From the Start
About This Book
Kate Walker used to believe in true love and happily ever after. While her own love life may have left her brokenhearted, it hasn’t kept her from churning out made-for-TV romance movie screenplays . . . until a major career slump and a longing to do something meaningful send her running back to her hometown of Maple Valley.
Permanently sidelined by an injury, former NFL quarterback Colton Green is temporarily hiding out in a friend’s hometown to avoid the media and the reminders of all he’s lost. Maple Valley seems like the perfect place to learn how to adjust to normal life. The only trouble is he’s never really done normal before.
While Kate plays things safe and Colton is all about big risks and grand gestures, they both get what it’s like to desperately need direction in life. An unexpected project gives them both a chance to jumpstart their new lives, but old wounds and new dreams are hard to ignore. Starting over wasn’t part of the plan, but could it be the best thing that’s ever happened to them?
I have read and enjoyed all of Tagg’s previous books, so there was no way I was going to pass up From the Start! And once again, this story delivered all the heart, charm, and witty comedy that I’ve come to expect from Tagg. Her works are frequently compared to Gilmore Girls, and for good reason! The writing is lively, and the banter between characters infused with quick comebacks, one-liners, and enough pop-culture references to make Amy Sherman-Palladino proud. Tagg’s voice is strong and leans toward the sarcastic side, which I absolutely love in this genre.
Kate and Colton are two flawed-but-likable characters from two very different worlds, and Tagg plays this up brilliantly in their opening chapters, with one literally behind the scenes and the other front and center in the spotlight. Their journey toward each other helps each character grow into a middle ground where fame can be put to good use and attention isn’t as fearful as it seems. In short, they complement each other perfectly, and it’s great fun to watch them make that discovery for themselves. A whole bevy of supporting characters bring this fictional Iowa town to life and not only round out this story, but provide plenty of fodder for future books in this series.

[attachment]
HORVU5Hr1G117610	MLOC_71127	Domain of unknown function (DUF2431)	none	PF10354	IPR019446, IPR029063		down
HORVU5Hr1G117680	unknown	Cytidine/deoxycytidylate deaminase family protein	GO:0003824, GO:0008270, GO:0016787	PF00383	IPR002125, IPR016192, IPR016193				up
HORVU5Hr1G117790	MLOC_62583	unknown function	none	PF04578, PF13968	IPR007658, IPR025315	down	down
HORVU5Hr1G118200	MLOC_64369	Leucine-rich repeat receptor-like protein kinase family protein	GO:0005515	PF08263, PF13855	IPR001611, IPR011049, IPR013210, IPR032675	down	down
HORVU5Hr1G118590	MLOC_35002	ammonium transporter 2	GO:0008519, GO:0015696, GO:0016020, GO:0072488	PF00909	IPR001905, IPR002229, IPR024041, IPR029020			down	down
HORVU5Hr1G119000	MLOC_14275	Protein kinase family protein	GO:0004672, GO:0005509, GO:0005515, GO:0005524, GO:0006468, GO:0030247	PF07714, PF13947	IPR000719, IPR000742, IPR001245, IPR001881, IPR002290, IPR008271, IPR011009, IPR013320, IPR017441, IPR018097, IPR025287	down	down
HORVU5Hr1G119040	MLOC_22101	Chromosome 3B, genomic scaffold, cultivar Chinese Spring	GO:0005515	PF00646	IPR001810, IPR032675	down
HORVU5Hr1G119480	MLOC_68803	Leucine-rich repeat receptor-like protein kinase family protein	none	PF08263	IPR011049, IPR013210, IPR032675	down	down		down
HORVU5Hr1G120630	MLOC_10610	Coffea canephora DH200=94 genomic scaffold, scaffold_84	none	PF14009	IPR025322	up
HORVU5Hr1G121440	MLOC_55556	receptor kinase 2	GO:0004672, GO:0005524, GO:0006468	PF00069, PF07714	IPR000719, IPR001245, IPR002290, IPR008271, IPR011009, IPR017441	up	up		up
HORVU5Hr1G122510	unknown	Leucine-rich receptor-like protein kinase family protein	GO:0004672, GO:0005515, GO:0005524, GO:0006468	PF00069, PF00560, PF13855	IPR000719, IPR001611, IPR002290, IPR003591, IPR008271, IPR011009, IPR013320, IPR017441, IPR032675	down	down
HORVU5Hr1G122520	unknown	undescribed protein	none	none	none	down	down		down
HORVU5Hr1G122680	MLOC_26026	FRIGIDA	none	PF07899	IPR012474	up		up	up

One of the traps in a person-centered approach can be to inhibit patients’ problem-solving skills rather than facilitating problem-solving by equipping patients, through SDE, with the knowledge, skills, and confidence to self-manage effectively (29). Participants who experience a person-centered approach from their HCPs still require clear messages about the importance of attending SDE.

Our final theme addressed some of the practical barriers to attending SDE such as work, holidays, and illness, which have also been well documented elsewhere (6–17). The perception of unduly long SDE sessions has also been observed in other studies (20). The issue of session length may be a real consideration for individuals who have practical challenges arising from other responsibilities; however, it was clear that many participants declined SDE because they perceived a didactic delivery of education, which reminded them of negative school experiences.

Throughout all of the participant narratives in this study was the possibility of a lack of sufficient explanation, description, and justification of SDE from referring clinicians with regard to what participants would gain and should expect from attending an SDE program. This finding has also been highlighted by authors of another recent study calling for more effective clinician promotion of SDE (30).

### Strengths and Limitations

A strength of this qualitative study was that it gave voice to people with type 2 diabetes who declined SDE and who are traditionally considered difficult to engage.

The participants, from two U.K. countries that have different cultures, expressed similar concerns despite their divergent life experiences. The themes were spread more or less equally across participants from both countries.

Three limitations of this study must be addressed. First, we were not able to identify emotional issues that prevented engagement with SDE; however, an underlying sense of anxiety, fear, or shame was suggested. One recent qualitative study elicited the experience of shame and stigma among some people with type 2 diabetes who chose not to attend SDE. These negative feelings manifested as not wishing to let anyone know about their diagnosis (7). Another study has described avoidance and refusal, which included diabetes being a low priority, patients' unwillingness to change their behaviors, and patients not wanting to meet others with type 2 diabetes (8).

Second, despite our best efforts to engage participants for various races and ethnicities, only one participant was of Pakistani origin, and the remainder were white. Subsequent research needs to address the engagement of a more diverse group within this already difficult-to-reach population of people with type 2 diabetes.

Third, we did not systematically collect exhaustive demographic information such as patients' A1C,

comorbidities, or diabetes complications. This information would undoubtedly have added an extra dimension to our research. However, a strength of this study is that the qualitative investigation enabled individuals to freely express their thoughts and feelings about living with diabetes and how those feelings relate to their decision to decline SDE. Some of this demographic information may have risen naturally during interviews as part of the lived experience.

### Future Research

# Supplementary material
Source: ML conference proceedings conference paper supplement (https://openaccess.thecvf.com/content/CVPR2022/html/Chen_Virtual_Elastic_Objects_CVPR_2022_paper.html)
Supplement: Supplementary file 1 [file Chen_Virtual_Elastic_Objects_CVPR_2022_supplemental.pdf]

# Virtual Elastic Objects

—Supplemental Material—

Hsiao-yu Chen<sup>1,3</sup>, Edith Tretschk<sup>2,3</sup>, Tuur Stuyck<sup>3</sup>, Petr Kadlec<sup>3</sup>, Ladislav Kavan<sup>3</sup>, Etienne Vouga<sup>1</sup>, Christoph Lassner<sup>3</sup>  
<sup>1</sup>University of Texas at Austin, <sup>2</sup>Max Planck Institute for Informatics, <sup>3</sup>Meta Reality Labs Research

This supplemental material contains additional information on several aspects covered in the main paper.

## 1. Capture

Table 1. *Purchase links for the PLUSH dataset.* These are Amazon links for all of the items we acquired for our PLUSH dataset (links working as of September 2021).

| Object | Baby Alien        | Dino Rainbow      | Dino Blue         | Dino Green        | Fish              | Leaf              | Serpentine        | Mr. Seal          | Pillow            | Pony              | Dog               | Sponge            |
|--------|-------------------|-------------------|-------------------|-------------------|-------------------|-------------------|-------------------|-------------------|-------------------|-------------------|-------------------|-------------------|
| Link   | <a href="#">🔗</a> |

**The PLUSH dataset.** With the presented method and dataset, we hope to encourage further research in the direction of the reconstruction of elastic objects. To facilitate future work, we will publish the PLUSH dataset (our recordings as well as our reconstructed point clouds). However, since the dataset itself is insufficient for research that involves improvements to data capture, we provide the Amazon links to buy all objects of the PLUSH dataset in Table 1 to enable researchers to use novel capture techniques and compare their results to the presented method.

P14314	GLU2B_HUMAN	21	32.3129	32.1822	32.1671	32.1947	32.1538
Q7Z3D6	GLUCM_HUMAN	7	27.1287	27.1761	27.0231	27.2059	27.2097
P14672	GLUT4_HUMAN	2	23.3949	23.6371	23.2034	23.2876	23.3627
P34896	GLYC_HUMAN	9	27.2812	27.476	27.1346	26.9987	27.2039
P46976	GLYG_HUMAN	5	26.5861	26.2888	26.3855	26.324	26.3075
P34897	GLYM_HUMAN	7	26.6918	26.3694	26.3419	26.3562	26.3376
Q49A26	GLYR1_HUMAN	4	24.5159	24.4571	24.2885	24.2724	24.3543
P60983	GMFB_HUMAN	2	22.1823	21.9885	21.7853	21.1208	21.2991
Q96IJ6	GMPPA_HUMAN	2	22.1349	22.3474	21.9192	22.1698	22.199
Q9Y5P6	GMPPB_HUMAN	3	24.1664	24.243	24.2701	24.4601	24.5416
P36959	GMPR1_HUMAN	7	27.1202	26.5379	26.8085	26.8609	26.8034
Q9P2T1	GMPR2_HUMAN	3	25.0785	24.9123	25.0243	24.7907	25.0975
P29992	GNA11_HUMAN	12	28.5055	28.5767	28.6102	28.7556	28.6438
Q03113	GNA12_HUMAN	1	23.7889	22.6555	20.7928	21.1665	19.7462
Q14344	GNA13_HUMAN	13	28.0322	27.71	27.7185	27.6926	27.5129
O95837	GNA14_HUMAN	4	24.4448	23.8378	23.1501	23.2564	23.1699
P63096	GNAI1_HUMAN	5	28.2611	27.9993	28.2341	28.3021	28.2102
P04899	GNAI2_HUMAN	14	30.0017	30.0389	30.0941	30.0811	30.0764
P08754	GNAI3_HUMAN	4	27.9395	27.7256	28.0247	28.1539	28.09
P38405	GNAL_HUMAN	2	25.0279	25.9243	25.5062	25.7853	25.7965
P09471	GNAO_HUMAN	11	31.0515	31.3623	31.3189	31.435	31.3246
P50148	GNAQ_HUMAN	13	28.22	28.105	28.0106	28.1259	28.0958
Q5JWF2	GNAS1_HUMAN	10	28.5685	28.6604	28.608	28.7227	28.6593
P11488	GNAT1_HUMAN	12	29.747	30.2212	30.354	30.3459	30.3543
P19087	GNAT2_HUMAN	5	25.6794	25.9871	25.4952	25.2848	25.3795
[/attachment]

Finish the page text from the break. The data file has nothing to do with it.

Maple Valley is exactly the kind of charming small town I dream of calling home one day (albeit without the tornadoes and flooding rivers, please!). It’s clear Tagg is writing from her own Iowa roots, and her love for her home state shines through. The story is firmly rooted in this fictional Midwestern town, and I’m looking forward to revisiting it often as the series continues!
In terms of the romance, I won’t spoil it for you, but suffice it to say, Kate and Colton get off to a very “intimate” and hilariously awkward start, which builds to friendship and beyond in touching, playful, and downright zany ways. They definitely have their issues as well as their swoon-worthy moments, and in the end I felt like they truly earned their happily-ever-after.
The spiritual elements of this story were appropriately subdued and never felt preachy. I especially loved how Tagg used a famous football anecdote about Raymond Berry to give her hero—and me as the reader—a spiritual wake-up call about daring to live beyond our self-imposed boundaries. There was no overtly questionable content in the story, although Colton’s traumatic past (revealed in a series of flashbacks) may be disturbing for younger readers.
The only aspect of this book that wasn’t a home run for me was the structure and pace. It was . . . the only word that comes to mind is “loopy.” Almost every chapter ended with a great, cliff-hanging hook, only to have the next chapter start with a huge jump forward to a completely different scene, forcing the characters to loop back in time (via dialogue or internal thoughts) to fill in the gaps. As a result, I often felt cheated because I didn’t get to experience the drama in real-time with the characters, and it made the overall pace feel a bit stilted: like a new driver trying to learn a manual transmission, the story had great moments of acceleration interrupted by long stalls while changing gears. Even though this story structure left me feeling like I was missing out on a lot of dramatic moments, overall I’d say there was a good mix of external obstacles and internal struggles to build tension throughout the book.
Tagg is one of the freshest new voices in Christian contemporary romance, and brings a level of spunk and originality to a genre in which so many stories can start to sound the same. Female readers of all ages who love contemporary romance—or who maybe have a secret crush on Tim Tebow—will enjoy this sassy, corn-fed romance served with a hearty helping of pigskin. I would absolutely recommend this one to both my Christian and non-Christian family and friends, and it’s already found a permanent home on my Keeper Shelf. Write faster, Melissa—I need another fix soon!
Available April 7, 2015 from Bethany House Publishers